Recent swiss franc strength has started to court some concern at the Swiss National Bank. Reuters reports SNB board member Thomas Jordan in particular voiced his worries on the swissie’s recent 7 per cent rise against the euro. The move is bad for Switzerland because the country depends on competitive trade with the rest of Europe.
Accordingly, hints from Jordan that the SNB may be prepared to intervene in markets if needed to stimulate the economy have resulted in some welcome weakness in the franc Thursday and Friday.
Be that as it may, it has not soothed tensions in one particularly CHF-exposed European nation – Poland.
As can be seen in the chart below, the CHFPLN cross-rate is setting fresh four-year highs, quashing even those set in October — which originally triggered alerts about ubiquitous Eastern European exposure to swiss franc-denominated mortgages. Swiss franc and euro mortgages, ironically, were issued en masse to downsize borrowers’ forex risk – the expectation being that the zloty would only strengthen due to European Union integration. The side-effect was that during the Polish zloty’s rally of the last few years, many borrowers were given a false impression of growing personal wealth. With the reversal, comes the opposite — mortgage repayments are just not as affordable as they once were.
Just to give a dimension to the problem, TD Securities estimates up to PLN88bn was lent to Polish borrowers in the form of foreign currency-denominated mortgages. That’s a lot for Poland, a relative newcomer to mortgage borrowing.
It was this sort of exposure that actually alerted many of the credit rating agencies to problems at the likes of Allied Irish, which were heavy lenders into Eastern Europe exactly on those terms. Other banks with big exposure include Unicredit and the Austrian banks.
NOTE: See comment below.
To settle the market back in October, the Polish government stopped dithering on euro-adpotion and said it would accelerate the process to join the single currency by 2012. But that’s slightly different to its current tune, note this Reuters story on how it’s now justifying a possible delay. Meanwhile, the National Bank of Poland initiated ECB and SNB swaps facilities to cut the shortfall of swiss francs and euros in the Polish market, something it now says it will have to continue until at least April:
Jan. 16 (Bloomberg) — The National Bank of Poland said it will continue to cooperate with its Swiss counterpart and the European Central Bank to boost liquidity “in short-term Swiss franc money markets” until at least the end of April. “Today, the SNB, the ECB and the NBP are jointly announcing that they will continue these one-week euro/Swiss franc foreign-exchange swap operations at least until the end of April to support further improvements in the short-term Swiss france money markets,” the Polish central bank said in a statement from Warsaw.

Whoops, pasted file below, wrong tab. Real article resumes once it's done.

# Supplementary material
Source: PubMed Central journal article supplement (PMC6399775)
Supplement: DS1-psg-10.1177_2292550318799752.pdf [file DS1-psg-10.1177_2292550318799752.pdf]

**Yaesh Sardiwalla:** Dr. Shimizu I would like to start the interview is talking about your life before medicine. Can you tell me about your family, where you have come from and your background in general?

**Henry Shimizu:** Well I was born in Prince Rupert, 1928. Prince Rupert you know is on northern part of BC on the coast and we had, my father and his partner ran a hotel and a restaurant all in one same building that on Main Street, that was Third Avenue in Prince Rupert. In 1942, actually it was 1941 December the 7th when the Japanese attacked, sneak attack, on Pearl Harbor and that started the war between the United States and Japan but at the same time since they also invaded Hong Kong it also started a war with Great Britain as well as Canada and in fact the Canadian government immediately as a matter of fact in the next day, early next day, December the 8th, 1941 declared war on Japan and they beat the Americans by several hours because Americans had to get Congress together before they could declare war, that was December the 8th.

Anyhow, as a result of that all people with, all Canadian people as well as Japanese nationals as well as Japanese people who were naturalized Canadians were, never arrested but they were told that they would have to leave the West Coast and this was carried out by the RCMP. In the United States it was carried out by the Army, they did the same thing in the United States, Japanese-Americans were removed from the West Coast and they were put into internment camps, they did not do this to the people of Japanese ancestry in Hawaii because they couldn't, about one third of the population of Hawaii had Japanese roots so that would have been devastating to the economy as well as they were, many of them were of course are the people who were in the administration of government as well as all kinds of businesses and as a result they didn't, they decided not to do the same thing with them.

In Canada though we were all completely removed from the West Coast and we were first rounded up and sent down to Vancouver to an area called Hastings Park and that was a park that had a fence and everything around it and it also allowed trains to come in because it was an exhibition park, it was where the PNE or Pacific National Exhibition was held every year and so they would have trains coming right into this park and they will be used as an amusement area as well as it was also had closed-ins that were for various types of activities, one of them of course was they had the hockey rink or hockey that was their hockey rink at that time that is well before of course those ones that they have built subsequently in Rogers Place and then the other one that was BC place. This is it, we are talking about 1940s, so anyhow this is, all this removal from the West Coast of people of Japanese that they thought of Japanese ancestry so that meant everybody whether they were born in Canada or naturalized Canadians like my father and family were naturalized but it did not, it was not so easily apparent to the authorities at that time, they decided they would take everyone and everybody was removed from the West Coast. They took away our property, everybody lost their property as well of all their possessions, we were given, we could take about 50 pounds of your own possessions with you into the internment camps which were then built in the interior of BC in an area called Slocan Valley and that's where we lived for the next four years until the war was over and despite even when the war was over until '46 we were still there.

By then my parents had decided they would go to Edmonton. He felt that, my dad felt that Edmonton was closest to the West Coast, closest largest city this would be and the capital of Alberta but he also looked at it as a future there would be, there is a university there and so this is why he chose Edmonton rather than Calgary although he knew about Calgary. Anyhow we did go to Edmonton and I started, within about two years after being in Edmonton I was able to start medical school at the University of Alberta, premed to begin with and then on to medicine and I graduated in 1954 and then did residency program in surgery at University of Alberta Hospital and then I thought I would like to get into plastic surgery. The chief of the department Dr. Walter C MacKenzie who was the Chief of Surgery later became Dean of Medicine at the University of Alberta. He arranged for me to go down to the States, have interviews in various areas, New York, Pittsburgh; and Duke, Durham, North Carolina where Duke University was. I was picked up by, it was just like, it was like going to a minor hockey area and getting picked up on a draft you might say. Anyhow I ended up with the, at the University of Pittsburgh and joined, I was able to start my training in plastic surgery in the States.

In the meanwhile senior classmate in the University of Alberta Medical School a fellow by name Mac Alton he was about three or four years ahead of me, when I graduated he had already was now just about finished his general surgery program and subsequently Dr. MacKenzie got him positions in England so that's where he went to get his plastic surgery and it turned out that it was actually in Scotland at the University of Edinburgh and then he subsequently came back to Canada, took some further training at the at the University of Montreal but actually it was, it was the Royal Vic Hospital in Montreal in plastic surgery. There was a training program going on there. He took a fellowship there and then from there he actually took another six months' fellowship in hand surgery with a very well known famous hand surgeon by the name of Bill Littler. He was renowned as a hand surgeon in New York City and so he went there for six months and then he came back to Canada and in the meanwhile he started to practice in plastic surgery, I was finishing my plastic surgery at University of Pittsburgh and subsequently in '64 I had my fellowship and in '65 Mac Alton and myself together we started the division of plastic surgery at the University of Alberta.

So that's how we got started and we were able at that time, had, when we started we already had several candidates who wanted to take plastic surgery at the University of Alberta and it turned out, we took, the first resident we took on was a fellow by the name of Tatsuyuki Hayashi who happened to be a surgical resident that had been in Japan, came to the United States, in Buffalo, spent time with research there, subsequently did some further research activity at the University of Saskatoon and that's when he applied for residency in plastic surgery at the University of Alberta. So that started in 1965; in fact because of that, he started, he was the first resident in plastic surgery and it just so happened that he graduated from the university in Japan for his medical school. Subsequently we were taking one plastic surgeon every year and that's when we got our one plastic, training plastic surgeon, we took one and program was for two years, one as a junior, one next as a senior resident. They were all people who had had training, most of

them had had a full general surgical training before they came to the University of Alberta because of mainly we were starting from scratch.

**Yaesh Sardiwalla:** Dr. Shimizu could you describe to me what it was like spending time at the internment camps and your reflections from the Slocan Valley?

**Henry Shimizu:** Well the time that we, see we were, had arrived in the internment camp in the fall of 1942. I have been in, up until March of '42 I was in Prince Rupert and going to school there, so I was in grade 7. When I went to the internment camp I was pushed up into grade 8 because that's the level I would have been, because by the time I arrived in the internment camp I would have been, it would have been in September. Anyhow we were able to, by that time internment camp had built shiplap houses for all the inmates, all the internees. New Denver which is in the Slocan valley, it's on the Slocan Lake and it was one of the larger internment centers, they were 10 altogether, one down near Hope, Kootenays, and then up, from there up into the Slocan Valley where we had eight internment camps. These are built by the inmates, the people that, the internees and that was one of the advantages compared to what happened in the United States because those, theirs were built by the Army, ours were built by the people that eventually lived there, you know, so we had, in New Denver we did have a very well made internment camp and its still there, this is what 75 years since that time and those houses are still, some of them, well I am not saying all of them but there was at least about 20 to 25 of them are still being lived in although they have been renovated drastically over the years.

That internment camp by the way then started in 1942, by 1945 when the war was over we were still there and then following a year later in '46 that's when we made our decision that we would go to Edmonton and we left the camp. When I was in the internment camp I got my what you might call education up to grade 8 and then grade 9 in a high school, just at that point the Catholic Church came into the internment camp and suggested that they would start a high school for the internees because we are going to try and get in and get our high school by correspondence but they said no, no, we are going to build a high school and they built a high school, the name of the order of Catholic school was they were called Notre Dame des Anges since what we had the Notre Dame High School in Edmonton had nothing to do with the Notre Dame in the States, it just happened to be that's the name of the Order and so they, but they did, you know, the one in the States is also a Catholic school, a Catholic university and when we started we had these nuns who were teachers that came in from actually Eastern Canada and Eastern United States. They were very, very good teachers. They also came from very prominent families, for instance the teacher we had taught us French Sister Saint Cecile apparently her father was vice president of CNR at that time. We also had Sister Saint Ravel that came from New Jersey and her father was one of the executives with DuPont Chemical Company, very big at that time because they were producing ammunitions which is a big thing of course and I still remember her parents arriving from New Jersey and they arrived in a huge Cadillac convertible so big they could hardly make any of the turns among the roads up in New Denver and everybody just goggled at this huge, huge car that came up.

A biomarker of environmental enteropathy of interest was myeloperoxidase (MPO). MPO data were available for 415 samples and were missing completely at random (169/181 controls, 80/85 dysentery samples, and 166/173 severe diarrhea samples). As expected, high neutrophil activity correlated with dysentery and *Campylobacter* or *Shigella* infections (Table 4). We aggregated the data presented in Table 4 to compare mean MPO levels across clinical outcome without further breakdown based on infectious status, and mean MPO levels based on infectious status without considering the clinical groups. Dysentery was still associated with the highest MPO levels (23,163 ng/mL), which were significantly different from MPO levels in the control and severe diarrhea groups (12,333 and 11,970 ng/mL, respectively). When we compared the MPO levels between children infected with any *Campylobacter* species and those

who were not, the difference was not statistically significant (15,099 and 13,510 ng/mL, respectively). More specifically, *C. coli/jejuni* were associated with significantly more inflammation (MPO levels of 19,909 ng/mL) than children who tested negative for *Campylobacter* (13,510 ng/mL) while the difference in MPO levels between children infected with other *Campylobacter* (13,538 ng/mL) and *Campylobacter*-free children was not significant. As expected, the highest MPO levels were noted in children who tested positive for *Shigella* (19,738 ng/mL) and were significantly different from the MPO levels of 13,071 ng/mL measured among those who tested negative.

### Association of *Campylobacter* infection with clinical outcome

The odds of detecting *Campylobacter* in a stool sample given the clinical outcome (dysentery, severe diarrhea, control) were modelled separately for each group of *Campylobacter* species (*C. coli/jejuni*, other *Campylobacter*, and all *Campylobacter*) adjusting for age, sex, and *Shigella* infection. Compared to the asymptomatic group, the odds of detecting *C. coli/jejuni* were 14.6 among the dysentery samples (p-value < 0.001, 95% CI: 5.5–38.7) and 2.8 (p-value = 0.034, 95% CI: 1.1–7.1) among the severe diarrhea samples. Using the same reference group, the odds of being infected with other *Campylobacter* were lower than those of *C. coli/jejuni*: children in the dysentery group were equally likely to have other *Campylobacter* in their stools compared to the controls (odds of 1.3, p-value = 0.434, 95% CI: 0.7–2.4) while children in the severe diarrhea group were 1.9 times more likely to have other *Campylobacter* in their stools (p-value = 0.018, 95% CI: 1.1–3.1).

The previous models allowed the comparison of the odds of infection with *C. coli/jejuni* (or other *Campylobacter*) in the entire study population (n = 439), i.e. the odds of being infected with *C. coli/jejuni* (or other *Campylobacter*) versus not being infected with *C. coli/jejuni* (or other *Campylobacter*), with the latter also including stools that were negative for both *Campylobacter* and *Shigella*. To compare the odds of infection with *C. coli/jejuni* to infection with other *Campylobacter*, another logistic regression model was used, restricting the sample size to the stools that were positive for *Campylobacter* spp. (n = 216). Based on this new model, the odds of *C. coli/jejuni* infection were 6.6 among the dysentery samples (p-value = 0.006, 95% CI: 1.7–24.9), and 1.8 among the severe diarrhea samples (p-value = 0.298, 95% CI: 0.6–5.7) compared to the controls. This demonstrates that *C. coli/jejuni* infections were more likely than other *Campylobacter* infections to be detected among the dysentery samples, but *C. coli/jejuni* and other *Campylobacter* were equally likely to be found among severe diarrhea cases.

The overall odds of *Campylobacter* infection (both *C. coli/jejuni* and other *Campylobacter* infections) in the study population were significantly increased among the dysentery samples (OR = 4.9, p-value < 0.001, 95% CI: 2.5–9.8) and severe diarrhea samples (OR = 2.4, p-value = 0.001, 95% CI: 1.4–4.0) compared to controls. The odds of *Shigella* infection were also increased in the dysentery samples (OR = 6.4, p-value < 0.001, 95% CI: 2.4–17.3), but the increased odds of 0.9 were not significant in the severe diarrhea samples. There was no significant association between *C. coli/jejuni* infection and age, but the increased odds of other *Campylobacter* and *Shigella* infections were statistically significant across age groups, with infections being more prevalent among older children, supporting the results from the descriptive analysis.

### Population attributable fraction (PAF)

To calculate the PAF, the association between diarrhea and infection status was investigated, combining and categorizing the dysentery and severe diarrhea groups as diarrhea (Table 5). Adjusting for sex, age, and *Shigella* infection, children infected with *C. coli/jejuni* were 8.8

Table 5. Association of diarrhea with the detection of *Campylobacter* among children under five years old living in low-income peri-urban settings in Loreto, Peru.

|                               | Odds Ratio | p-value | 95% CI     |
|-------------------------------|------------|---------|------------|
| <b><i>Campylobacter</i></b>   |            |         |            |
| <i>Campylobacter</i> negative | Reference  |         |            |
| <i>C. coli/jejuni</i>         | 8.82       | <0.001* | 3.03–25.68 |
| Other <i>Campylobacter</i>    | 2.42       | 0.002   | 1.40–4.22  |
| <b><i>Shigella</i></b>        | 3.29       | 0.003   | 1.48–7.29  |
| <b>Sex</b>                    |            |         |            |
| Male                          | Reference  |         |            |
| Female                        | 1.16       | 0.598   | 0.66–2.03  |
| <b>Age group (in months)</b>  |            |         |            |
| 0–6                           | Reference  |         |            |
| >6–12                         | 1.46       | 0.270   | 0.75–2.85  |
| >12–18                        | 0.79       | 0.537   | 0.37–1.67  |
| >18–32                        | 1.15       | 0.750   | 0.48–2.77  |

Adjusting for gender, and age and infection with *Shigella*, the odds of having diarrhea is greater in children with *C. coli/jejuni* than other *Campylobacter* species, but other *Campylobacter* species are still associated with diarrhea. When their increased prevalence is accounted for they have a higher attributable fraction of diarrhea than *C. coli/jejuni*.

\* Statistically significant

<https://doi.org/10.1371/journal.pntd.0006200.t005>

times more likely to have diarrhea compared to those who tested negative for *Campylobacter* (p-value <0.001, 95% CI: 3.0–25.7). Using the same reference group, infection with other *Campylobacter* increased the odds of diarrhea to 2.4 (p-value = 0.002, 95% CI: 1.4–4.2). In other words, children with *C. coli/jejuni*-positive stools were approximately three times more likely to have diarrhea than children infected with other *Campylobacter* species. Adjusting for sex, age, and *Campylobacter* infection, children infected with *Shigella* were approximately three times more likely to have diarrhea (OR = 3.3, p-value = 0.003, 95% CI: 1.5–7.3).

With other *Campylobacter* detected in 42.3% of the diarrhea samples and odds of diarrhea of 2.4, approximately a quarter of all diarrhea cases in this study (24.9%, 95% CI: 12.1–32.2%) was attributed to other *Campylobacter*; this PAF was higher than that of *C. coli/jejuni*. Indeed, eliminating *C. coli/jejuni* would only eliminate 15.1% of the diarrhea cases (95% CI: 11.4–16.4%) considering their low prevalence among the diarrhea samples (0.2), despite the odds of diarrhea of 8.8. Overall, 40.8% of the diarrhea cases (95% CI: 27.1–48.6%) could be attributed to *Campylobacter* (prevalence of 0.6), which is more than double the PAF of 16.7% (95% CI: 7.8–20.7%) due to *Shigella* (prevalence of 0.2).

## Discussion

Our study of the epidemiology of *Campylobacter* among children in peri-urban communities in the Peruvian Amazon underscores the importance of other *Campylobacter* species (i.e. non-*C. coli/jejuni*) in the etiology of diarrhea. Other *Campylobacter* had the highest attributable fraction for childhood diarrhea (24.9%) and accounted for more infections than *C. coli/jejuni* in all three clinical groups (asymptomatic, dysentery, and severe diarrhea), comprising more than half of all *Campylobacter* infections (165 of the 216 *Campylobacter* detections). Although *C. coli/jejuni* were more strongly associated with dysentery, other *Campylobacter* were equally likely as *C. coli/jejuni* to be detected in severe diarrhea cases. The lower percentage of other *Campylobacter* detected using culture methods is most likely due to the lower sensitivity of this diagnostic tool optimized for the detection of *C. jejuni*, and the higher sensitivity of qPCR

All of the above is causing no end of jitters, with some analysts predicting the CHFPLN cross rate could reach 3.00 within weeks, if not days. While TD Securities sees some light within the gloom, they too, note the unsettling forex exposure, especially as economic indicators worsen across all fronts. As they put it on January 7th (our emphasis):
We still see considerable risks for CEE currencies as export activity collapses and disposable income is hit by higher repayments on fx mortgages but the short-term momentum remains very strong and we think that it could drive the rate to 3.80 in the coming weeks. We are of the opinion that from the fundamental point of view the Zloty is undervalued. Interestingly, the difference now seems to be a mirror image of the overvaluation in mid-2008. Note, however, that REER does not take into account turbulences on the fx market, which constitute the biggest risk for the currency at the moment. On the relative value side, we favour PLN/HUF going towards 69.50 from currently 67.25.
Their end Q1 target for EUR/PLN remains at 4.30.
But there’s another problem too – the extent of the credit binge that took place in Poland. Polish business daily Puls Biznesu alerts on Friday that banks had a totally skewed perspective of credit worthiness, something the government is now trying to regulate.
The paper quotes the government finance commission as saying it’s not even because of the crisis, rather they want to introduce normal business practises (suggesting banks’ practises to date have hardly been normal).
In its initial findings, the commission says it believes evaluation of creditworthiness has been too variable. In (bad) examples it cites the case of a woman on a 1126-zloty monthly salary (some £240) and undergoing psychiatric treatment, approved for 14 various bank loans and a student, working for only one month on a free-lance contract, earning a total of 1,200 zlotys (£256) and receiving a 40,000 zloty (£8,854) bank loan.
All a bit worrying.